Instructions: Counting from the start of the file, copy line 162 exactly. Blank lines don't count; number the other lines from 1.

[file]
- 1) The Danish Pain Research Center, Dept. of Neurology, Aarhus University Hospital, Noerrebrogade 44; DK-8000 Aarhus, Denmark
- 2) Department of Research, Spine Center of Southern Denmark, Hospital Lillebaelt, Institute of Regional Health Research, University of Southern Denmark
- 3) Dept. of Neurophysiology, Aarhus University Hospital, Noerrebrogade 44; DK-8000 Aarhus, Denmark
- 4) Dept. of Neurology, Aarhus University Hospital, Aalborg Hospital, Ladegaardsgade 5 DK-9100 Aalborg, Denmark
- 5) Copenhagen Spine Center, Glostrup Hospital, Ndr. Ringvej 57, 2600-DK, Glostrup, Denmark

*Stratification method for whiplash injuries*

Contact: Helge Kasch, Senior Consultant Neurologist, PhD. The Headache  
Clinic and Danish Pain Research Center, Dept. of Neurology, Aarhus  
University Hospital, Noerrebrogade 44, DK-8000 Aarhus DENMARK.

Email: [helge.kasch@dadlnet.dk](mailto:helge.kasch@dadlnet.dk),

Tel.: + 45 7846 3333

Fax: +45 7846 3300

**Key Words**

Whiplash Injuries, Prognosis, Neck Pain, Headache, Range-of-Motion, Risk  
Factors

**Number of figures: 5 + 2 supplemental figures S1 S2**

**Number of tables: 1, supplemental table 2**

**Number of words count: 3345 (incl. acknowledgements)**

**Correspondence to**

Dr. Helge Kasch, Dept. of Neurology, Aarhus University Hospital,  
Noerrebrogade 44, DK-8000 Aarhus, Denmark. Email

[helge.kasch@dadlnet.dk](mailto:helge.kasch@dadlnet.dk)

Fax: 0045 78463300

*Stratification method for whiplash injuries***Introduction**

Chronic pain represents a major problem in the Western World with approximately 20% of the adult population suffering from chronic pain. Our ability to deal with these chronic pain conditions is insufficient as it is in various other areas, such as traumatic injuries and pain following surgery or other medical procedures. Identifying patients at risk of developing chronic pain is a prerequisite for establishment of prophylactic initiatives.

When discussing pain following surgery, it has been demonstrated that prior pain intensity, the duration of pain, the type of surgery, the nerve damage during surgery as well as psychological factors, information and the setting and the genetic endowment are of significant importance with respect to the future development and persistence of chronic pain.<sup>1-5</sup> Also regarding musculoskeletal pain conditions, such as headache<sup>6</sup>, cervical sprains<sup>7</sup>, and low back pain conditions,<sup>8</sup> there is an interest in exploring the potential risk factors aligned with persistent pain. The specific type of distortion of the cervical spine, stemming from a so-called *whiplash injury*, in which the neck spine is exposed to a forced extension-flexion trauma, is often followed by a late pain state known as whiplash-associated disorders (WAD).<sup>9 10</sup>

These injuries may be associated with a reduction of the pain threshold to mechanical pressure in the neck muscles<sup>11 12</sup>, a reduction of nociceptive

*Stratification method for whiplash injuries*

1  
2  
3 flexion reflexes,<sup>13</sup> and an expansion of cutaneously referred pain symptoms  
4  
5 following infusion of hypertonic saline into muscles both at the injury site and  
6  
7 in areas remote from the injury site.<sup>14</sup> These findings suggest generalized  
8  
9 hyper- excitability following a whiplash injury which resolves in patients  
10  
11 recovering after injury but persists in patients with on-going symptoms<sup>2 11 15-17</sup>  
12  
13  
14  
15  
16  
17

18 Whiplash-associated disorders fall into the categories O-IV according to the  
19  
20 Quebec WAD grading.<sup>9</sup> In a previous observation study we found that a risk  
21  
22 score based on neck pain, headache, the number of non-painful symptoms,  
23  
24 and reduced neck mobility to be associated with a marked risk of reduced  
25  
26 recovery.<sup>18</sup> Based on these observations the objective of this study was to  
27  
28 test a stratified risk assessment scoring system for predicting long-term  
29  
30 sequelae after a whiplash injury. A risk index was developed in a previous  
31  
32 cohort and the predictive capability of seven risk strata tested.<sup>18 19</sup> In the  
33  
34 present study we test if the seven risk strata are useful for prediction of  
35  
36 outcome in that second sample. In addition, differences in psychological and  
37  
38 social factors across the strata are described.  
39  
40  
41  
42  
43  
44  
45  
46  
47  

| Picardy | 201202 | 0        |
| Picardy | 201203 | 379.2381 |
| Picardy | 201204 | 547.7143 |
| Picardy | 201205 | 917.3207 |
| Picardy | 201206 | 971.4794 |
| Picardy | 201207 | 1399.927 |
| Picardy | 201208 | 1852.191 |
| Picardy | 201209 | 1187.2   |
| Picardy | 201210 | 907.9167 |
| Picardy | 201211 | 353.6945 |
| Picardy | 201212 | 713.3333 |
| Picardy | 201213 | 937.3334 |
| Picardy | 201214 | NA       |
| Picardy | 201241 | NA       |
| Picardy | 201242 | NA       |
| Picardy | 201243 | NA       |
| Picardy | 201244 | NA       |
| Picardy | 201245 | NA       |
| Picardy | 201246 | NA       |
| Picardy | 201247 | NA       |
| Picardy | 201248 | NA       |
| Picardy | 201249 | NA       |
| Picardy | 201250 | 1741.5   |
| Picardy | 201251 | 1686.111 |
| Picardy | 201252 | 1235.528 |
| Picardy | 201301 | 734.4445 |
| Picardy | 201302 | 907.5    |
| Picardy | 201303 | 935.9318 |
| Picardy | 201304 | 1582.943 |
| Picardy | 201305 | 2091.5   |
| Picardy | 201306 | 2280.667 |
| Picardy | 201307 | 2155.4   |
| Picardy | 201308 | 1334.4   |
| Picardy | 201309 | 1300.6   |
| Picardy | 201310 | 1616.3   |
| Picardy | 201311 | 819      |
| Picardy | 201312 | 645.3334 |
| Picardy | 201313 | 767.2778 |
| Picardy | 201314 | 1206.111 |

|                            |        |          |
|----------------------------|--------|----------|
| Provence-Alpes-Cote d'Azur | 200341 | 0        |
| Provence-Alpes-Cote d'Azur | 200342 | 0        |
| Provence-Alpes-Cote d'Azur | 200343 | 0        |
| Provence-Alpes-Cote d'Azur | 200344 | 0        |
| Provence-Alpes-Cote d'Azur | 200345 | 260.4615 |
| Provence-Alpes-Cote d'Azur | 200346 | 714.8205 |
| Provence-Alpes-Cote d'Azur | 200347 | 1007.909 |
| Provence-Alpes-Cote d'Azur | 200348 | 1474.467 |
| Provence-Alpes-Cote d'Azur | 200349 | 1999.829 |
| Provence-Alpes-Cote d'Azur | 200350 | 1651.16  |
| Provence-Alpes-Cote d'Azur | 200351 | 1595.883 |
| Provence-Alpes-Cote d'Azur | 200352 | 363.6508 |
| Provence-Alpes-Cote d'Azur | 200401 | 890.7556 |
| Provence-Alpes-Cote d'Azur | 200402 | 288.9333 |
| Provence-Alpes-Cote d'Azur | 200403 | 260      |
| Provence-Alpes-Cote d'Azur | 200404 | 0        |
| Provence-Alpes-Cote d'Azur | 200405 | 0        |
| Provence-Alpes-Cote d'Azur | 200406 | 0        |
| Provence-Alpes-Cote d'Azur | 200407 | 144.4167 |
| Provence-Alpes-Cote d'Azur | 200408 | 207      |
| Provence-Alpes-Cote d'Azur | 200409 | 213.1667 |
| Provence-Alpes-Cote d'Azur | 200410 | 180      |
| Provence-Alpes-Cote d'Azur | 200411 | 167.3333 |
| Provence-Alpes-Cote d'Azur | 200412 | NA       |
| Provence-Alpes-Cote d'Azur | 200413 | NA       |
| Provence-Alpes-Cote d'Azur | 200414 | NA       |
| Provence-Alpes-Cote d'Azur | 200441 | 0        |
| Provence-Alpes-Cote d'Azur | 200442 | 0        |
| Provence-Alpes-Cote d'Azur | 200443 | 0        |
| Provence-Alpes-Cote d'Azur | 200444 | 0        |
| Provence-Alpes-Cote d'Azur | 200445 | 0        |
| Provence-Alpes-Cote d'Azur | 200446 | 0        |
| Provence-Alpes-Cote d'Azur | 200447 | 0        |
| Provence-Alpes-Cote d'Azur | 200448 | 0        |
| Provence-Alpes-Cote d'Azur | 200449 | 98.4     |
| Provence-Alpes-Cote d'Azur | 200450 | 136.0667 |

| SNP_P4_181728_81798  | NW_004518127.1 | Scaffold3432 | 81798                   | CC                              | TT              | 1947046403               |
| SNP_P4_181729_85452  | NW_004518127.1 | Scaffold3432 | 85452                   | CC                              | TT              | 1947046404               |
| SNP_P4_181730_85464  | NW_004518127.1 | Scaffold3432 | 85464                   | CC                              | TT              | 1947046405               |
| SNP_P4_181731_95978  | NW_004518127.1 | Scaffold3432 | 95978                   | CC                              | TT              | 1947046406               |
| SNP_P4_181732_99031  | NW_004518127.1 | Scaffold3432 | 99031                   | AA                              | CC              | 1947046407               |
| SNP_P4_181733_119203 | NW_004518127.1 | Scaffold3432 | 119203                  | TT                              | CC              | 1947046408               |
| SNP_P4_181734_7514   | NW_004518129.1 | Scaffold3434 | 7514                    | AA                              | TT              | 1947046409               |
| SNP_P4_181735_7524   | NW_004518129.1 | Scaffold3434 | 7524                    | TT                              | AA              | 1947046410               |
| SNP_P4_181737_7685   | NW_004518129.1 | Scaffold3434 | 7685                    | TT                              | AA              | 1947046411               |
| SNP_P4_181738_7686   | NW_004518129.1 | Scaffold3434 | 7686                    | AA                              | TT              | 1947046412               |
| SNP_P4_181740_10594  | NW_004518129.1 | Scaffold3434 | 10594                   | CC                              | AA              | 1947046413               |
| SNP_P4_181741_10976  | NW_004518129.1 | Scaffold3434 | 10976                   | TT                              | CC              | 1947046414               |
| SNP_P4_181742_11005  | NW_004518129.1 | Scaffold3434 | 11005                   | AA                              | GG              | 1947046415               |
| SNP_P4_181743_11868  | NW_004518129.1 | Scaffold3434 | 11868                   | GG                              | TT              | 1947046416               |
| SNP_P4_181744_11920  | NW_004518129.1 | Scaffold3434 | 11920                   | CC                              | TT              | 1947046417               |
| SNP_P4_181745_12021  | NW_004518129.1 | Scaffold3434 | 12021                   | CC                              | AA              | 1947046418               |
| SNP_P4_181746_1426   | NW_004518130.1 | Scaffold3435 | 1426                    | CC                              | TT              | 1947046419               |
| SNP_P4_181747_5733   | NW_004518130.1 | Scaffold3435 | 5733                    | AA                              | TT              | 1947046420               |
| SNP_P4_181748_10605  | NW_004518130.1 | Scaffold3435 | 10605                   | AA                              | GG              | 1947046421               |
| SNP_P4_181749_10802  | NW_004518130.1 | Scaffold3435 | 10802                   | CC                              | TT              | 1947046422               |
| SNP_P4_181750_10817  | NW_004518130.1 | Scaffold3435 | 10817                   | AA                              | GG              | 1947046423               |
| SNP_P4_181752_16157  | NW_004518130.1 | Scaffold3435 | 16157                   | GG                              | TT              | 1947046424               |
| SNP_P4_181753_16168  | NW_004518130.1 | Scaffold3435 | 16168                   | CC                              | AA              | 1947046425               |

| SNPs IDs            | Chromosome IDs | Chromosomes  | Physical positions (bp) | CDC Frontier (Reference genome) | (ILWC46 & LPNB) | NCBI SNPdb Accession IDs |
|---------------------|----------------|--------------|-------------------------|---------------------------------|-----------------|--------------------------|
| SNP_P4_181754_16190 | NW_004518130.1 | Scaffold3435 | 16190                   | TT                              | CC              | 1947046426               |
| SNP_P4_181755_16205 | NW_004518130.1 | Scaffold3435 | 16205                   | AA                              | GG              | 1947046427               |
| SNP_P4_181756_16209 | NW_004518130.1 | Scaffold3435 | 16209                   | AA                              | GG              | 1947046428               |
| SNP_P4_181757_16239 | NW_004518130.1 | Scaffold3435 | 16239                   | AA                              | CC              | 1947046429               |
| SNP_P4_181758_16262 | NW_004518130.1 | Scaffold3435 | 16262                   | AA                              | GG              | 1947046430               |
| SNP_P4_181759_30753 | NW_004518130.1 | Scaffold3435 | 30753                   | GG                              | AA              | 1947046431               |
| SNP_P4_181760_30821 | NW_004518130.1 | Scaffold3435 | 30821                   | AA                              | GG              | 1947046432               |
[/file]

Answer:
| SNP_P4_181738_7686   | NW_004518129.1 | Scaffold3434 | 7686                    | AA                              | TT              | 1947046412               |